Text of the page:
Expanding infrastructure into undeveloped areas encourages additional development, especially given the pressures of population growth. This additional development often fragments contiguous areas of farmland and increases the cost and complexity of agricultural infrastructure by enclosing canals, making maintaining easements more difficult, among other negative impacts. If communities want agricultural lands to remain in agriculture, lawmakers and planners must carefully manage the expansion of urban infrastructure—including roads, water pipes, sewer lines, and power lines—into these areas, while still allowing sufficient expansion to meet market demand. One strategy for providing adequate agricultural water without encouraging residential or commercial development is to build infrastructure for secondary water. Secondary water meets agricultural irrigation needs but it is not potable, meaning developers would need to build more costly infrastructure to convert the land into a residential area.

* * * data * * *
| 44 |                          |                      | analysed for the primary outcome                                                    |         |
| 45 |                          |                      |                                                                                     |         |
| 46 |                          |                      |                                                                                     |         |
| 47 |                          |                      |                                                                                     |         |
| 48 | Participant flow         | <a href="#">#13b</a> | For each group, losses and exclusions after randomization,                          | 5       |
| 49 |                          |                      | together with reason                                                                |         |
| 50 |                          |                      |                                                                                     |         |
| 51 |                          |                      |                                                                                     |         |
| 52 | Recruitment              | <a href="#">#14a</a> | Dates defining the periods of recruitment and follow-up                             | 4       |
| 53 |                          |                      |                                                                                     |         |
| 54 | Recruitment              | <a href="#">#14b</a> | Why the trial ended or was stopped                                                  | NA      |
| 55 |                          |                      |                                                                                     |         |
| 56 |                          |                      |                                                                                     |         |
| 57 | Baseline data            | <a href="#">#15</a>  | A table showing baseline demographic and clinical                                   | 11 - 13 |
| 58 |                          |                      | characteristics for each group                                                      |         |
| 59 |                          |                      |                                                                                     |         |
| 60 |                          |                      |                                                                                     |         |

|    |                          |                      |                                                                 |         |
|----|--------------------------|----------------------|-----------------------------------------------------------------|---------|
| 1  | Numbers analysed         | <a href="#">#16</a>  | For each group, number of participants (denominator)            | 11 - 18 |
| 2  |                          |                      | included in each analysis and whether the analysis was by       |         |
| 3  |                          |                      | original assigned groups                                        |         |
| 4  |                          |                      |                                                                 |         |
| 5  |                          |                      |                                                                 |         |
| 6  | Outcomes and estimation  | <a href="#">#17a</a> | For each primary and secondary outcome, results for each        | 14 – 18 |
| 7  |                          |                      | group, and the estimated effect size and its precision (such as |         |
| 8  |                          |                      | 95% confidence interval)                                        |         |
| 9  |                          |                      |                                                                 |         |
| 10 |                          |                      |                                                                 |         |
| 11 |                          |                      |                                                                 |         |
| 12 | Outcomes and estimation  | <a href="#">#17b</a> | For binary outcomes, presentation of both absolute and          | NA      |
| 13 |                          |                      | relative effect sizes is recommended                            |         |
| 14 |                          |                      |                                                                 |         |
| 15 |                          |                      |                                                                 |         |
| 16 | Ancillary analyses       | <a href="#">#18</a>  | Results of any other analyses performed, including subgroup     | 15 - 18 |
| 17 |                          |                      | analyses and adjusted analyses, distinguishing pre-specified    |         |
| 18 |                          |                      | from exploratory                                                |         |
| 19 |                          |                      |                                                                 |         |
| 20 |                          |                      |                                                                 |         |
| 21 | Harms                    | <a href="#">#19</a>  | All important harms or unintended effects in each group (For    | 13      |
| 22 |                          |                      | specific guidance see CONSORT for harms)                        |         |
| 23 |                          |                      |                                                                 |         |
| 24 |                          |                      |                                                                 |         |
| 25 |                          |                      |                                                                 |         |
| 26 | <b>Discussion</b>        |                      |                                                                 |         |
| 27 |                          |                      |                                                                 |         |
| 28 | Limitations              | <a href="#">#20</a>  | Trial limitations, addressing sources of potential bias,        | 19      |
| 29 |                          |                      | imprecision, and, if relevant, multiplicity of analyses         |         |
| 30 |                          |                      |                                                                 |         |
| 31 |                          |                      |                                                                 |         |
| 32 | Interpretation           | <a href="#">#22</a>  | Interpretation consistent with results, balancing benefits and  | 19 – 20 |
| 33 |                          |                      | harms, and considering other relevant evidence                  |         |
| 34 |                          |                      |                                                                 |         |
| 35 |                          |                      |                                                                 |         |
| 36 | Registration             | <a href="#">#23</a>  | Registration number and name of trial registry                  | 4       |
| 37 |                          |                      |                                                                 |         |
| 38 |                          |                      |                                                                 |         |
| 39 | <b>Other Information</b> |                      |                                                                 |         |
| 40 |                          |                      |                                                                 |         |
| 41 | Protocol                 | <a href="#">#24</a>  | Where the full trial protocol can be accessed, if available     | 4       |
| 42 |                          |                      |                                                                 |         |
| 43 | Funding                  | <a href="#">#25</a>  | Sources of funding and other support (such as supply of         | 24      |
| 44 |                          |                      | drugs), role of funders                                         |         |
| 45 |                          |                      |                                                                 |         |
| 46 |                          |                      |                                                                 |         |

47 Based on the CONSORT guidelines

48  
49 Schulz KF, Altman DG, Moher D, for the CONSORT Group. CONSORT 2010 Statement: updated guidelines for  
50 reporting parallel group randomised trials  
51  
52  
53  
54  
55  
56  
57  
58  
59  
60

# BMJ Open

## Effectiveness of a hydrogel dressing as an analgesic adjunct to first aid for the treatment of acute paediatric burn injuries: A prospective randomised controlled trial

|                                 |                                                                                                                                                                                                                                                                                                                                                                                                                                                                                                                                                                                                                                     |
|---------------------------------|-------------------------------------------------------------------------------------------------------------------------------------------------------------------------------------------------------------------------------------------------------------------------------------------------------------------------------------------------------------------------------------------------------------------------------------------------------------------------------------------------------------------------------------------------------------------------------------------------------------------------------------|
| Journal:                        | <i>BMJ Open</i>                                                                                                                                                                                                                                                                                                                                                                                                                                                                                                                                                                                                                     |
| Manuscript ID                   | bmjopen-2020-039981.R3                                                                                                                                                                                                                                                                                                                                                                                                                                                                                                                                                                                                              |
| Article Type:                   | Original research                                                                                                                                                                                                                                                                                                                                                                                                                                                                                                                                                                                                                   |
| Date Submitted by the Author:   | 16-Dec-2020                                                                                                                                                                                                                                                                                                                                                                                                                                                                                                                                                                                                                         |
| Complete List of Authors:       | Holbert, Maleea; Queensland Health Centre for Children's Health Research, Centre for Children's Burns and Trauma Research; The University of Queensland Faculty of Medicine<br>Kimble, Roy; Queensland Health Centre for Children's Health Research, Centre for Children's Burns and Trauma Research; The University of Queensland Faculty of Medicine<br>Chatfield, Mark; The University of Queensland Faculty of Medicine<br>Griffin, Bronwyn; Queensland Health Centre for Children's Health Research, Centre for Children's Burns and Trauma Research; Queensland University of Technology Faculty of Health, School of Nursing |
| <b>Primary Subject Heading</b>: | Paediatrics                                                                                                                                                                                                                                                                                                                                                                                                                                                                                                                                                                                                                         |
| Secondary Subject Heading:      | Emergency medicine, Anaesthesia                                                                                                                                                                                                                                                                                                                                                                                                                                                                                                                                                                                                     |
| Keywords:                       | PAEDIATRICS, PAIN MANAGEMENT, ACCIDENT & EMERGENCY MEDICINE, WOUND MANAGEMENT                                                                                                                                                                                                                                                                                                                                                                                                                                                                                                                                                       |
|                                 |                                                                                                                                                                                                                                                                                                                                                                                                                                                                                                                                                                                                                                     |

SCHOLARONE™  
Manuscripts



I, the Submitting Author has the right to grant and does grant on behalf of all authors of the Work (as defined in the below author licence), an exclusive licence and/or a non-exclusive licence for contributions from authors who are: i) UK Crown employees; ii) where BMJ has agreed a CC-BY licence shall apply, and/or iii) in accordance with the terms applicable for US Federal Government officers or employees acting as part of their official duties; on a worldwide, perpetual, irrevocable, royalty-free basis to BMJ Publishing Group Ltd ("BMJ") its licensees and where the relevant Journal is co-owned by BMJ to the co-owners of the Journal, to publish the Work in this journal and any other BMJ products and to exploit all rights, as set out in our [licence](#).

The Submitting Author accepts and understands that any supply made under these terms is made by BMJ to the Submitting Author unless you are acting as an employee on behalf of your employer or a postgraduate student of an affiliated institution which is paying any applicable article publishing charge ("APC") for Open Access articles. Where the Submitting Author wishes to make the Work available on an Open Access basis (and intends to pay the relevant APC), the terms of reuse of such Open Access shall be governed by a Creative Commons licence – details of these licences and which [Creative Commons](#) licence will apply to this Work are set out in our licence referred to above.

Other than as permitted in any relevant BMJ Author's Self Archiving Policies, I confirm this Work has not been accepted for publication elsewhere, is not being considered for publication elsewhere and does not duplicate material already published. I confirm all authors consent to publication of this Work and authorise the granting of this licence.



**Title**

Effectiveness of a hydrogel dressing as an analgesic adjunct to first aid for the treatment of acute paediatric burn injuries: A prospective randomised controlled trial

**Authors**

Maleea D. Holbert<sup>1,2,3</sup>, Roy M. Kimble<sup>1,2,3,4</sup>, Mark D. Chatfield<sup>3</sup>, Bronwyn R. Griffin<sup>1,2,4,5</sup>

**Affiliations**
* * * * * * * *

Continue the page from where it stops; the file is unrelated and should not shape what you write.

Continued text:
• Developers and cities should create and adopt infrastructure plans with policies and standards that accommodate both rural and urban needs. These plans may include measures, for example, that limit the amount of new infrastructure or keep development away from canals used for agricultural irrigation.
  • Developers and cities should protect existing agricultural infrastructure assets and take agricultural impacts into account when planning infrastructure. Infrastructure for water and machinery access is crucial to farming operations and should be available without being unduly encumbered by residential and commercial development.